An article offering advice and suggestions on how to teach affixes in a contextualized way.

I am an English teacher in secondary education and I´d like to ask for your help. I have to do a didactic unit to teach prefixes and suffixes in a contextualized way.

Isabel Flores Gómez

Isabel, I’m not sure how long your 'didactic unit' is (a single lesson or a series of lessons?) but here are a few suggestions, for what they’re worth:

Option 1

To borrow an idea first suggested by Thompson (in 'The ‘master word’ approach to vocabulary training', 1958), one way is to give learners a list of words that together demonstrate the major affixes (i.e. both prefixes and suffixes) and word roots in English. Thompson’s lists consist of only 14 latinate words, but, using the elements out of which those 14 words are composed, it is possible to build at least 14,000 English words. Here is Thompson’s list:

detain, intermittent, precept, offer, insist, monograph, epilogue, aspect, uncomplicated, nonextended, reproduction, indisposed, oversufficient, and mistranscribe.

The word offer, for example, can be broken down into its prefix: Latin ob- meaning 'to, toward, against', alternative spellings of which are oc-, of-, op-, and the root fer meaning 'bear, carry'. Prefix ob- with the root of indisposed gives opposed; root fer with the prefix trans- of mistranscribe gives transfer, etc, etc.

Personally, I find Thompson’s chosen 'master words' a bit obscure, but I think the principle is a good one, and a less scientific list of words might not bother trying to include the most important roots, and just stick to prefixes and suffixes. E.g. translation, mismanagement, obstructive, non-refundable…etc. (Even this little list yields the prefixes trans-, mis-, ob-, non-, and re-, and the suffixes -tion, -ment, -ive, and -able).

The list could be dictated, written on the board, or an overhead transparency, or distributed in the form of a handout.

Learners first underline each affix, and then, using a dictionary and working in pairs, assign a basic meaning to each one. To contextualize this language, they could be asked to put the words into sentences, or, even, to try and fit as many of the words as possible into a story (a prize for the group that can use the most words!).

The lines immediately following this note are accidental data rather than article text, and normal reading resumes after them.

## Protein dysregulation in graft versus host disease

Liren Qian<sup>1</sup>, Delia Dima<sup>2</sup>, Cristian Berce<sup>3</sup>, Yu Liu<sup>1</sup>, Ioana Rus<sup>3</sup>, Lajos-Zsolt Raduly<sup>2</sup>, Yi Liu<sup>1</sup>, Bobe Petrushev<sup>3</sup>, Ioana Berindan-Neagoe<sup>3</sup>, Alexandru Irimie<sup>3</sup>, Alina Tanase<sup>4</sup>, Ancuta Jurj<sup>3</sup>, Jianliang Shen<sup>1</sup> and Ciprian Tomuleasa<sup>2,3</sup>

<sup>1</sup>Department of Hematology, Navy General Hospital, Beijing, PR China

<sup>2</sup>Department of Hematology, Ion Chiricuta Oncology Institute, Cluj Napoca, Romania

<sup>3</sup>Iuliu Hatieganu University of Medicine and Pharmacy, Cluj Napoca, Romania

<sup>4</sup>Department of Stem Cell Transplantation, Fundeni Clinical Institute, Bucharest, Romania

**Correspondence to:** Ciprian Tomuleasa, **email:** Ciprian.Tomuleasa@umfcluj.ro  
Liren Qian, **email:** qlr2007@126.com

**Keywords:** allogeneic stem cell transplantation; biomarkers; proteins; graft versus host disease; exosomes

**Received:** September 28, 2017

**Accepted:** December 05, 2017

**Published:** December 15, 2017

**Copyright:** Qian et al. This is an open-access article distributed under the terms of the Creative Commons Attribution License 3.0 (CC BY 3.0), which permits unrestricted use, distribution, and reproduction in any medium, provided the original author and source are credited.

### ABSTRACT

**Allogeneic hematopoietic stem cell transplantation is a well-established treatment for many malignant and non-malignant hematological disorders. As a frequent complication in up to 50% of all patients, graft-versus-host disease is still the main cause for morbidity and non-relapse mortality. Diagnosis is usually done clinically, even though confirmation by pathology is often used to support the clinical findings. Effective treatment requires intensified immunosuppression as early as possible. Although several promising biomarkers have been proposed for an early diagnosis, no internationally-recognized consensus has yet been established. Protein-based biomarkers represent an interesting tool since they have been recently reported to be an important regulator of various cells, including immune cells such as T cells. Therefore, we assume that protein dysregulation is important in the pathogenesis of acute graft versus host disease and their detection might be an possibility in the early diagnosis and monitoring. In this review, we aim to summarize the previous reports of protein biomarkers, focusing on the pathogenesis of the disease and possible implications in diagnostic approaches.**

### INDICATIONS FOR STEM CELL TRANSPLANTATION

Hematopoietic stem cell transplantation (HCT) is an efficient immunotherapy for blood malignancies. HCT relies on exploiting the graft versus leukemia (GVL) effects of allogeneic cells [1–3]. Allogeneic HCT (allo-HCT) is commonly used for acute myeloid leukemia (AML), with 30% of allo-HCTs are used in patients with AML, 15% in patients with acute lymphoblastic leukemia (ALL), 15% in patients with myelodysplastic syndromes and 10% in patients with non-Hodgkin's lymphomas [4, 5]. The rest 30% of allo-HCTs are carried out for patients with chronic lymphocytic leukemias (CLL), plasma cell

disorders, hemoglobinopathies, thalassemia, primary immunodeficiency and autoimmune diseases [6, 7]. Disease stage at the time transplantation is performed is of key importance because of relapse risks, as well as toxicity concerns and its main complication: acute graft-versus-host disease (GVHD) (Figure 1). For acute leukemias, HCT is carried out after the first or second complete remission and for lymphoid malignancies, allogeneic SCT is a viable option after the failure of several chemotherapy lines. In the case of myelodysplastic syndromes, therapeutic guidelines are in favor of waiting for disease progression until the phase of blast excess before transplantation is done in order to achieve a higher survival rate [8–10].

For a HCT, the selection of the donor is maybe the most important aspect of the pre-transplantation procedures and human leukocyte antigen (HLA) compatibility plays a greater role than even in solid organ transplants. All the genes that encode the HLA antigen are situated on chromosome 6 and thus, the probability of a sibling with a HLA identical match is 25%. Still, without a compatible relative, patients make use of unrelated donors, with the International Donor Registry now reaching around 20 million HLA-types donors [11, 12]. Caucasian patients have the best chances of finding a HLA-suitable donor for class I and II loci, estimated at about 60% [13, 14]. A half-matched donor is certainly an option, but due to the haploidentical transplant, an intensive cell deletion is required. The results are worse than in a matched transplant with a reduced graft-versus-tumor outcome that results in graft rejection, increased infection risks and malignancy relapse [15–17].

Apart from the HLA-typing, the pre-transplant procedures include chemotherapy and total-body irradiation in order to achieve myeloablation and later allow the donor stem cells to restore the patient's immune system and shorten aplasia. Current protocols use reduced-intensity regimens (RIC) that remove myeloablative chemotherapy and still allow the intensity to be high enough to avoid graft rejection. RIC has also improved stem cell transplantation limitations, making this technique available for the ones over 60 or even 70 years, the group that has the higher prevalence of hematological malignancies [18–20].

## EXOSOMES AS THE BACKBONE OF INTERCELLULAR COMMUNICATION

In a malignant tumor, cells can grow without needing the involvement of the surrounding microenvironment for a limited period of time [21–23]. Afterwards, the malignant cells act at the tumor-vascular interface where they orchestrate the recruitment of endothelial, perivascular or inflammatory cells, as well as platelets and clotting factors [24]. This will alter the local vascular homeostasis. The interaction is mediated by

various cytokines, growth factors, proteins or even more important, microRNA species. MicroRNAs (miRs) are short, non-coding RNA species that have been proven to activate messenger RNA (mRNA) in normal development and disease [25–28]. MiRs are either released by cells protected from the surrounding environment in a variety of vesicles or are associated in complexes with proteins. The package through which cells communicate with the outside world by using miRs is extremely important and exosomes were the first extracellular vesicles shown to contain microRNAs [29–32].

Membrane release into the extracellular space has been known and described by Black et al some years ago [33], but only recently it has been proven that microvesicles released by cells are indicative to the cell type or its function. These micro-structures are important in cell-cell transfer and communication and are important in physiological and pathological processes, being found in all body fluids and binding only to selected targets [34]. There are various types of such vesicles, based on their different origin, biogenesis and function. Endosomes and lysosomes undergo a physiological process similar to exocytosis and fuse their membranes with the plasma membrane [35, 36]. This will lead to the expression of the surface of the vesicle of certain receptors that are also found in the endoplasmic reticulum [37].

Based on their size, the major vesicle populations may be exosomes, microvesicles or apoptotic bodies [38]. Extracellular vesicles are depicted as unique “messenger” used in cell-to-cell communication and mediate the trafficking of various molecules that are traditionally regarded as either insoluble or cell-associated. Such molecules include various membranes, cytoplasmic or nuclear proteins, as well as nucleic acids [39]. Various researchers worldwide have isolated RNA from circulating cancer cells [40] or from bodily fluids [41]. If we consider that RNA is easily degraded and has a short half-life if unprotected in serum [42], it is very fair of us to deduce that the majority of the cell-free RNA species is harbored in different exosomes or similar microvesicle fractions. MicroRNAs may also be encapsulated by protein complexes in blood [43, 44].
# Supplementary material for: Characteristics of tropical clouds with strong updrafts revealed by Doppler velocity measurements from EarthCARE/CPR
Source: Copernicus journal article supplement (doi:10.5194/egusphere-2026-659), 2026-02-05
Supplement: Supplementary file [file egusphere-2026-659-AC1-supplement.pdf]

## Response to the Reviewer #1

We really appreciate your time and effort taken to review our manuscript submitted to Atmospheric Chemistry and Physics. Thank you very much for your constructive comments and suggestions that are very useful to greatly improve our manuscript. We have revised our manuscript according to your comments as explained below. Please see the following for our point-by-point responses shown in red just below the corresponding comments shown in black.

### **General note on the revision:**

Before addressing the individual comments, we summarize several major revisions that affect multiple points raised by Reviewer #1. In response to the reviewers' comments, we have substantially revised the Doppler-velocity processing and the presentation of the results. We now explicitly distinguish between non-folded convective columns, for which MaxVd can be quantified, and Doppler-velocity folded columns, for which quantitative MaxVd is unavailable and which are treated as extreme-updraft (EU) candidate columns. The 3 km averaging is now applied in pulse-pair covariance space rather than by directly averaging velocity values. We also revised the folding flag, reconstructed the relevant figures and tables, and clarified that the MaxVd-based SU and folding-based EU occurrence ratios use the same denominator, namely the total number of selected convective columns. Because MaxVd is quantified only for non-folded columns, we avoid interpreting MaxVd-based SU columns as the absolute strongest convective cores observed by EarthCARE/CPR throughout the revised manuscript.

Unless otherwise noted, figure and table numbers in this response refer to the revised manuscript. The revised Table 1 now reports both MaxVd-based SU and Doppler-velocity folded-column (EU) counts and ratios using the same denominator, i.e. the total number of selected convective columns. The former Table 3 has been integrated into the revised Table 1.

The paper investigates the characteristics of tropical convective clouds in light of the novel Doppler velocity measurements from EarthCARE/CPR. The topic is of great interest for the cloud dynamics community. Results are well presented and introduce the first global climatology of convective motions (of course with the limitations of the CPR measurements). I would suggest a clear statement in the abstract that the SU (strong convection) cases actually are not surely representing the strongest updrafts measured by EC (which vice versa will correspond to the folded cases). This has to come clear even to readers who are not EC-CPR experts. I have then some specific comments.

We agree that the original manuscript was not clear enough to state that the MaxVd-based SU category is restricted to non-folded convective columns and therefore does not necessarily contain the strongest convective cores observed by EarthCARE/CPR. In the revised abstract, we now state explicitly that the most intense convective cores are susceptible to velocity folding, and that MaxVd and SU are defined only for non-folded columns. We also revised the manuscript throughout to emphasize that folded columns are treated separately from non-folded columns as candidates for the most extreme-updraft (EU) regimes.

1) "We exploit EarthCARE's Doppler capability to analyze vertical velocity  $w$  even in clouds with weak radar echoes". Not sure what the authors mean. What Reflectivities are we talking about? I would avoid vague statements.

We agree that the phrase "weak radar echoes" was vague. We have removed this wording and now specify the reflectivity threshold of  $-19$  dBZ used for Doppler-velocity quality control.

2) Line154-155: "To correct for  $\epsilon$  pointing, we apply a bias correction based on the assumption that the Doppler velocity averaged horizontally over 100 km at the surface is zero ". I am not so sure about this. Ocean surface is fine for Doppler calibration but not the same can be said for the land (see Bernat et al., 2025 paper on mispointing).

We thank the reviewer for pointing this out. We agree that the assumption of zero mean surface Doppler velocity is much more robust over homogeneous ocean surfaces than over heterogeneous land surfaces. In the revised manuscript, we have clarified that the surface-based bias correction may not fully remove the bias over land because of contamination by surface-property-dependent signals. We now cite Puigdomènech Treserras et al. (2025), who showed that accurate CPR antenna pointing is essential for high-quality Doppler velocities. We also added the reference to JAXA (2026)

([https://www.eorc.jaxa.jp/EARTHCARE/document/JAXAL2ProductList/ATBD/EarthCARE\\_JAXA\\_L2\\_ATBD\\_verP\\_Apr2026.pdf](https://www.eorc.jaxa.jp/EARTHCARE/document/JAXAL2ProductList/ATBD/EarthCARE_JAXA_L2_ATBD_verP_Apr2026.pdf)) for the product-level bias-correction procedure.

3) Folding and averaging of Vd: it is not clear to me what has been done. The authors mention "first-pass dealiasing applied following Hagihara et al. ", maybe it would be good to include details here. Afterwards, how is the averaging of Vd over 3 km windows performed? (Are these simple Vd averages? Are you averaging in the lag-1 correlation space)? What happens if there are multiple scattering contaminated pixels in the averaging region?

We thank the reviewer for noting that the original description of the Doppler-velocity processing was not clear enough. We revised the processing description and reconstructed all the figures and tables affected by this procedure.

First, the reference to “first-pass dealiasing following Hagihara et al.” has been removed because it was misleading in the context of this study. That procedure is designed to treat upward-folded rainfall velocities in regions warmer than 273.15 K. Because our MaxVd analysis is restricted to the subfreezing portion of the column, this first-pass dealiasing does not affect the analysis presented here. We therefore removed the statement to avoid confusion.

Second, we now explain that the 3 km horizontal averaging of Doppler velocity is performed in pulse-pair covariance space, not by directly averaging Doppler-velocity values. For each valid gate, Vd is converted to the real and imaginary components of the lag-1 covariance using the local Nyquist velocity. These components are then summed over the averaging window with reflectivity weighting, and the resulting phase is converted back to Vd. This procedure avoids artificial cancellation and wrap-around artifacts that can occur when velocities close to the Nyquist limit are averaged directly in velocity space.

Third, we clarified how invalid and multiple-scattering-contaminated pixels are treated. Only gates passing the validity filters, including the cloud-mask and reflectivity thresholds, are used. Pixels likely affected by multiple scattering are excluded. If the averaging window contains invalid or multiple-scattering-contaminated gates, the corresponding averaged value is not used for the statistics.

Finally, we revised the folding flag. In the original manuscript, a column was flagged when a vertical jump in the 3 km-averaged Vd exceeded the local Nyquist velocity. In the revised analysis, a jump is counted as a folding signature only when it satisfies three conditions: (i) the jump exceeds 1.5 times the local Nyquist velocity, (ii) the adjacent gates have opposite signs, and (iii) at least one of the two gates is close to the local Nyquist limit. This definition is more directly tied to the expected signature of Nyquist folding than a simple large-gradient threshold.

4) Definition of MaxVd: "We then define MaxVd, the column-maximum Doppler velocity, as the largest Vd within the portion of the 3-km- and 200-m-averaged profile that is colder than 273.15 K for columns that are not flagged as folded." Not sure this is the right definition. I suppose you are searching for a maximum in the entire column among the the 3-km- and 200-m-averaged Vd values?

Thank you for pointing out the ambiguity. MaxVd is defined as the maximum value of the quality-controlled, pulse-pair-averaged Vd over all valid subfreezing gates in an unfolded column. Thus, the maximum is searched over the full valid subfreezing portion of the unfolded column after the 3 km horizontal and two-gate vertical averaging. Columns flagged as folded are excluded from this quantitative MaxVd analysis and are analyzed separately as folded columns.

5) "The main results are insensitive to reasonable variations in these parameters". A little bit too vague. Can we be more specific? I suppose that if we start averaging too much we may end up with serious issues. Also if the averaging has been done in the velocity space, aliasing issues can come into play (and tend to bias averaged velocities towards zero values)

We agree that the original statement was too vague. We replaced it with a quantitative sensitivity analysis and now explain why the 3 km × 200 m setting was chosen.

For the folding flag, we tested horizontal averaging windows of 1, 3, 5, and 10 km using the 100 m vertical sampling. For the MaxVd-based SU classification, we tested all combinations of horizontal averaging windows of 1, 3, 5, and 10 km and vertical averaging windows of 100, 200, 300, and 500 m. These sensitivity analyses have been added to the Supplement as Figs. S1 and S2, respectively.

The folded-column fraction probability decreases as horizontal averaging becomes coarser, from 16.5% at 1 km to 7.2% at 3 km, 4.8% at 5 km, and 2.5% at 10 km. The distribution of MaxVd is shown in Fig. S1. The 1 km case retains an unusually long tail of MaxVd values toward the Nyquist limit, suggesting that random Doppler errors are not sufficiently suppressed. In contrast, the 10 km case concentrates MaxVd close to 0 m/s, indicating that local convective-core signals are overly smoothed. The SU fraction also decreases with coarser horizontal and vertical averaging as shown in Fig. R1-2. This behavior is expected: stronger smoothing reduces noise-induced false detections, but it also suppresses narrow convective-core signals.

To test their memory of these words you could design an activity similar to the popular Cambridge First and Advance exam task, that is, to complete a sentence with the correct form of the word in brackets:

She works in Brussels as a simultaneous ______. (TRANSLATE)

The doctors removed an ________ in his intestine. (OBSTRUCT)

Even better would be to get learners, working in pairs or small groups, to design test sentences themselves, which they exchange with other groups.

Option 2

An alternative approach (and one which could be combined with the previous ideas) might be to start with a text that is rich in affixes. For example:

Doctors of the ancient world combined folk tradition, observation and philosophy to treat illness. Scientific medicine began in the 1600s, with the invention of the microscope and the discovery of microscopic bacteria, and with developments in anatomical knowledge. Today doctors use antibiotics to kill harmful bacteria. Surgeons can transplant organs, and scientists are uncovering the previously unknown secrets of the gene.

Ask learners to find examples of affixes, by setting them clearly focused tasks. For example:

Find a suffix that turns an adjective into a noun (-ness)

Find a prefix that means 'across' (trans-)

Find two suffixes that go with scient- and say what part of speech they are. (-ific (adjective), -ist (noun))

Find a prefix which means 'against' (anti-)

Find two prefixes that go with cover and explain their meaning (dis-, -un)

The next stage is for learners to find (or think of) more examples of the major kinds of affix represented. For prefixes this is easy, using a dictionary (e.g. transport, transmit, transfer, etc), but for suffixes it is more difficult (how many words ending in -osophy can you think of?!), so it’s best to concentrate on only the most common endings, such as -ness, -ic, -al, -tion, -ful, -ist, for example.

These words should be put into sentence contexts. The same kind of peer-testing procedure could be used as suggested in part 1 above. Learners write gap-fill sentences for each other, in which the missing word is derived from the word in brackets:

Pasteur was a famous ______ (SCIENCE)

An alternative variety of testing activity is to ask learners to make 'corrections' to a composition whose affixes are mistaken or non-existent. 

Incidentally, there is a very useful summary of word formation rules in English, including a handy list of common affixes and their meanings, in the Macmillan English Dictionary for Advanced Learners in the central Language Awareness section (LA22).

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